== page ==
19 October 2010

Why Movie Games Fall Short - by Shelly Warmuth

      Posted 10/18/10 11:28:00 am  

We've all had the experience of watching a movie based on a well-loved book.  Inevitably, the movie falls short and the axiom holds true:  "The movie is never as good as the book."

 For me, it was Interview with the Vampire, a favorite book since H.S.  The movie was doomed to fail in my eyes.   Tom Cruise could never pull off LeStat and, while the movie included every detail of the book, they couldn’t portray what I found to be the best part of the book: Louis’ emotional state.  Inevitably, movies just seem to fail at finding what made the book great.  

Likewise, games created from movies always seem doomed to fail before they are even created.  There are a few exceptions, however, and we can learn from these..

Batman: Arkham Asylum was based on the characters of the much-loved franchise instead of actually “playing the movie.”  It allows players to experience the abilities of Batman in an immersive environment.  Peter Jackson’s King Kong: The Official Game of the Movie allows players to play as Jack in a first person environment.  In other words, players can “be” Jack, a character in the movie.  They also play as Kong, experiencing his abilities and creating carnage, albeit from a third person point of view.  

Star Wars Battlefront II allows players to experience and explore places from the movies, effectively placing them inside the movie.  In similar form, Lord of the Rings: The Return of the King uses actual digital images from the movie to place players in the movie environment, itself.  

From there, players choose from eight playable characters, all with voice-overs created by the original movie cast.  And yet, despite some outstanding successes, movie-based games seem more likely to meet with criticism than praise.

Sports games, on the other hand, seem to meet with universal acclaim as a genre.  This seems significant given that franchises such as Madden NFL really fail to offer any meaningful improvement to gameplay year after year and yet, even the smallest improvements continually earn each addition to the franchise high review scores.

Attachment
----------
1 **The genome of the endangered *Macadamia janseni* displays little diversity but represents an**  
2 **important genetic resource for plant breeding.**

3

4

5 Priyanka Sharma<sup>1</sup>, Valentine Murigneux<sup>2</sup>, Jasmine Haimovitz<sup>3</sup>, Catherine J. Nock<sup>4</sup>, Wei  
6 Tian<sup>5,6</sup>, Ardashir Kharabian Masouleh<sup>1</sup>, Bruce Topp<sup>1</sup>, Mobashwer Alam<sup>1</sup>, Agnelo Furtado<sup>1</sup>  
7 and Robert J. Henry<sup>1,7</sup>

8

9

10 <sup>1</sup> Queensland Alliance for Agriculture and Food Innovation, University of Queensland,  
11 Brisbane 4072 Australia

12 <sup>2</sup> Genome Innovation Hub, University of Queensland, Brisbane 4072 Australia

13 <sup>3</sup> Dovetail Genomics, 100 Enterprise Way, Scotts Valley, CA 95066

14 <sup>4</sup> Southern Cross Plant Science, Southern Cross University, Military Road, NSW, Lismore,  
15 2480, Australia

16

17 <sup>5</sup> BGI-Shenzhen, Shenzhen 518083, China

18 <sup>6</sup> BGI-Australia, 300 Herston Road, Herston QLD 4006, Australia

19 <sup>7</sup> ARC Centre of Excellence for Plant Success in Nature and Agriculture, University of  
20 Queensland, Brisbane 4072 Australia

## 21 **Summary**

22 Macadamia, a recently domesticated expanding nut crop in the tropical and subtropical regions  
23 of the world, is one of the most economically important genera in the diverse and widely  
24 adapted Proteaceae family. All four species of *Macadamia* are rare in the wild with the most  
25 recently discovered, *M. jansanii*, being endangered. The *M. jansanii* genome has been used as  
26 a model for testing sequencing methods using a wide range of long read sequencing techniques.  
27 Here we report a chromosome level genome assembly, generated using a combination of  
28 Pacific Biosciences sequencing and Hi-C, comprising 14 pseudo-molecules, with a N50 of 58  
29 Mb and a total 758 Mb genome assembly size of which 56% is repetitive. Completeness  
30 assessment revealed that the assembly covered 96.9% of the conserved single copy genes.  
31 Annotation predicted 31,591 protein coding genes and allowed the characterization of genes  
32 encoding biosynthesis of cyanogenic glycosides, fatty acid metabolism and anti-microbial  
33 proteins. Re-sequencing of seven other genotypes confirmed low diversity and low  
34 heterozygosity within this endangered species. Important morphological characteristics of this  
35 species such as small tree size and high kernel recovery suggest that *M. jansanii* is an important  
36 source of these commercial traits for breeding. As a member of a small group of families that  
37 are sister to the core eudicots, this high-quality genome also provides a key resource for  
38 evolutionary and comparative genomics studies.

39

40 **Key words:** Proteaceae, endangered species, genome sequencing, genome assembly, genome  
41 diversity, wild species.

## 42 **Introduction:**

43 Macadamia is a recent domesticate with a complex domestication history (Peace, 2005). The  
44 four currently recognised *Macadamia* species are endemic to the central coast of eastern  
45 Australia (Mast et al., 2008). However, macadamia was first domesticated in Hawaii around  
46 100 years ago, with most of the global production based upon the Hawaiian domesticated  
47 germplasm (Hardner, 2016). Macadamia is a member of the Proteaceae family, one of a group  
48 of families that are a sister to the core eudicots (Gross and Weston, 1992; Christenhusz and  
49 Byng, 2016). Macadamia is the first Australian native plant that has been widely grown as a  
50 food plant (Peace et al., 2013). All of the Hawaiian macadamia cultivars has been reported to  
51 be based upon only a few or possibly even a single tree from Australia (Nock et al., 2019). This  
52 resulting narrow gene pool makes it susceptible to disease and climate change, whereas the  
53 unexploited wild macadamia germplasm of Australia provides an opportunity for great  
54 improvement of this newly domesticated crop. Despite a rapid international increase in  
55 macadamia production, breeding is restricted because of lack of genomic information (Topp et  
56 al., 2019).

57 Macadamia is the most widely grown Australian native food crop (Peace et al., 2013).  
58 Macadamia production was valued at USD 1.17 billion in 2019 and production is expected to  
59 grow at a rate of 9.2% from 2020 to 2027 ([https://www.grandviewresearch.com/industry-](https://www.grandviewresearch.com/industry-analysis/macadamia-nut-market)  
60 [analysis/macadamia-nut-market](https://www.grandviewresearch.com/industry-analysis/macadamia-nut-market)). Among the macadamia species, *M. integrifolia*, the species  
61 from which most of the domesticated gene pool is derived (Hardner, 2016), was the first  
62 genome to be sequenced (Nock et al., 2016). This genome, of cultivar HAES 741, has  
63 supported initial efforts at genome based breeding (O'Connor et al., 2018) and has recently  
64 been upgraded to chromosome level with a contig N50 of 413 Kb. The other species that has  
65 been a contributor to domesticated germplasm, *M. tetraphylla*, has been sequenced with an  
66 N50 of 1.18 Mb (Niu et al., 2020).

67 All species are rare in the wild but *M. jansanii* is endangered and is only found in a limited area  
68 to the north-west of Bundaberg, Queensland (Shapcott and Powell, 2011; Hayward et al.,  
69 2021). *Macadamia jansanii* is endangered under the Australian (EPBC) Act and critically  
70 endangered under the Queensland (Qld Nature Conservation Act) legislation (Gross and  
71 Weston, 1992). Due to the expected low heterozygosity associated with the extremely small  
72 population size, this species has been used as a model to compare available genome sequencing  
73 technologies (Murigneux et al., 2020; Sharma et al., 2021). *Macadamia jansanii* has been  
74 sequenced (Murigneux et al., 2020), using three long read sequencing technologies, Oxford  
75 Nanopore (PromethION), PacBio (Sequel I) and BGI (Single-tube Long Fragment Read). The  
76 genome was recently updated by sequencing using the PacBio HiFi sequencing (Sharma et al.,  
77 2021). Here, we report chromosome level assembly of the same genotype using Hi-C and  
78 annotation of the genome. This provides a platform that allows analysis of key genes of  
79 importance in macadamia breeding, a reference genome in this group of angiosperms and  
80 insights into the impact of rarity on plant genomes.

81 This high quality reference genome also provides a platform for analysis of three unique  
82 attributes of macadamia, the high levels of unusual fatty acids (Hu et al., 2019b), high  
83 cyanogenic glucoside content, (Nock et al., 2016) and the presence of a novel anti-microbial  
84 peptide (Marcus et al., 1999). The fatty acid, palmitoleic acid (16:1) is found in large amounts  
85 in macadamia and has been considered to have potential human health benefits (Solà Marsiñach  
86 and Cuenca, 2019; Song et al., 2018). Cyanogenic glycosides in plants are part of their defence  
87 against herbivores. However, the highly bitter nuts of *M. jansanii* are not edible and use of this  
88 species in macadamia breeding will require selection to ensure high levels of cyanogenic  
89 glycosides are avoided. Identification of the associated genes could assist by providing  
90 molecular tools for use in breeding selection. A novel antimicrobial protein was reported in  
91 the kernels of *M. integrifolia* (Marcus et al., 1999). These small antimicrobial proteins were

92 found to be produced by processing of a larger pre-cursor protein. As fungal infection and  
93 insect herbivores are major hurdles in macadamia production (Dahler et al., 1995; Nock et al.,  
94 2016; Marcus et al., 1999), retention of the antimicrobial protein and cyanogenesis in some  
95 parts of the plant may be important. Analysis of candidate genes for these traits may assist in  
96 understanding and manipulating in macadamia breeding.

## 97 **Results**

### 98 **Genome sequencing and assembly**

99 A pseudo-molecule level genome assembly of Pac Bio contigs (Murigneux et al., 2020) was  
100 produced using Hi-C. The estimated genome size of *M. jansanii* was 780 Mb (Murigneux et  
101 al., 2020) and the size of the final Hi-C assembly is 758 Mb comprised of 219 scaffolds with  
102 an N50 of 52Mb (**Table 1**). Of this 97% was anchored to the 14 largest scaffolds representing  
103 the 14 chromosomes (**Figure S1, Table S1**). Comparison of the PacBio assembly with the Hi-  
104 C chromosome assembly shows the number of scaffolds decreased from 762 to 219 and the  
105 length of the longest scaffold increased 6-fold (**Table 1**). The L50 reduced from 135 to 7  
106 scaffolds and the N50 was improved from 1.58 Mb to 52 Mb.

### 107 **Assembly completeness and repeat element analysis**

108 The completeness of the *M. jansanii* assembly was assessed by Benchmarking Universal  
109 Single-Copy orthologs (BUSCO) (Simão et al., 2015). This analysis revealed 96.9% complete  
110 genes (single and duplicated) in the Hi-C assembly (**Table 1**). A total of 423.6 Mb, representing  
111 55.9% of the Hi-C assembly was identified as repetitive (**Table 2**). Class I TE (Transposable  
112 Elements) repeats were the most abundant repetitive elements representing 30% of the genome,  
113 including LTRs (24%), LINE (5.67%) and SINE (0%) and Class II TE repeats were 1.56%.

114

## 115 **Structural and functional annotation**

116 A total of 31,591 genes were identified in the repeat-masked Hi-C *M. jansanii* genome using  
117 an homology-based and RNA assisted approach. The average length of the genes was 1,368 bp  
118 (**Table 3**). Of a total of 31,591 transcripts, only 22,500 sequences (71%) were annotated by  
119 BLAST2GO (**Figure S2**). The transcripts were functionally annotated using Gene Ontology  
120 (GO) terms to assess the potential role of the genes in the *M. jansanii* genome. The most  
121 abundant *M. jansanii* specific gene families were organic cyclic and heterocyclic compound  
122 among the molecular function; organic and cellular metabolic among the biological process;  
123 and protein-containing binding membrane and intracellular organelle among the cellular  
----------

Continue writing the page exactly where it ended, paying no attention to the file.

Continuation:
Sports game developers succeed in eking out every themed feature of our favorite sports.  From the war chants of various teams to the artwork on the field, the environment completely immerses players in the same sports experience that arrives on their TV at home or in the actual stadium they visit.

It puts the player in charge of play on the field, empowering the player and, in some cases, allowing them to relive glory days from H.S. or college.  In short, it lets the player become part of the action while including every element they have become used to from life experience.

When a band plays covers, fans of the music expect it to be done well.  They want to hear the song they are used to in the way that it was originally made.  If we are to make great movie games, we must deliver the elements that the fans expect.  We don’t have to deliver the whole movie, however.  

What is it about the movie that people want to experience?  Is it the combat of the main character?  Then, create a story for that character and place the player in a first-person environment challenging them to “be” the character.  Or, empower him to “be” a character in RED, for instance, even if it is from a third person view.  Perhaps, the real experience is in the environment.  Players don’t necessarily need to be Harry Potter to attend school at Hogwarts.  A really well-done first person environment is extremely immersive.  

We can make truly immersive games based on movies, and even comics, but first, we need to find out what makes it cool.  Then we need to deliver everything the fans expect.  

It doesn’t have to be a thorough treatment of the original piece; in fact, it’s better if it’s not.  Instead, we need to pick that one cool thing and do it well.  I believe we can make great movie-based games as long as we theme it well and deliver the things the fans really want.



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Owain abArawn
18 Oct 2010 at 11:22 am PST

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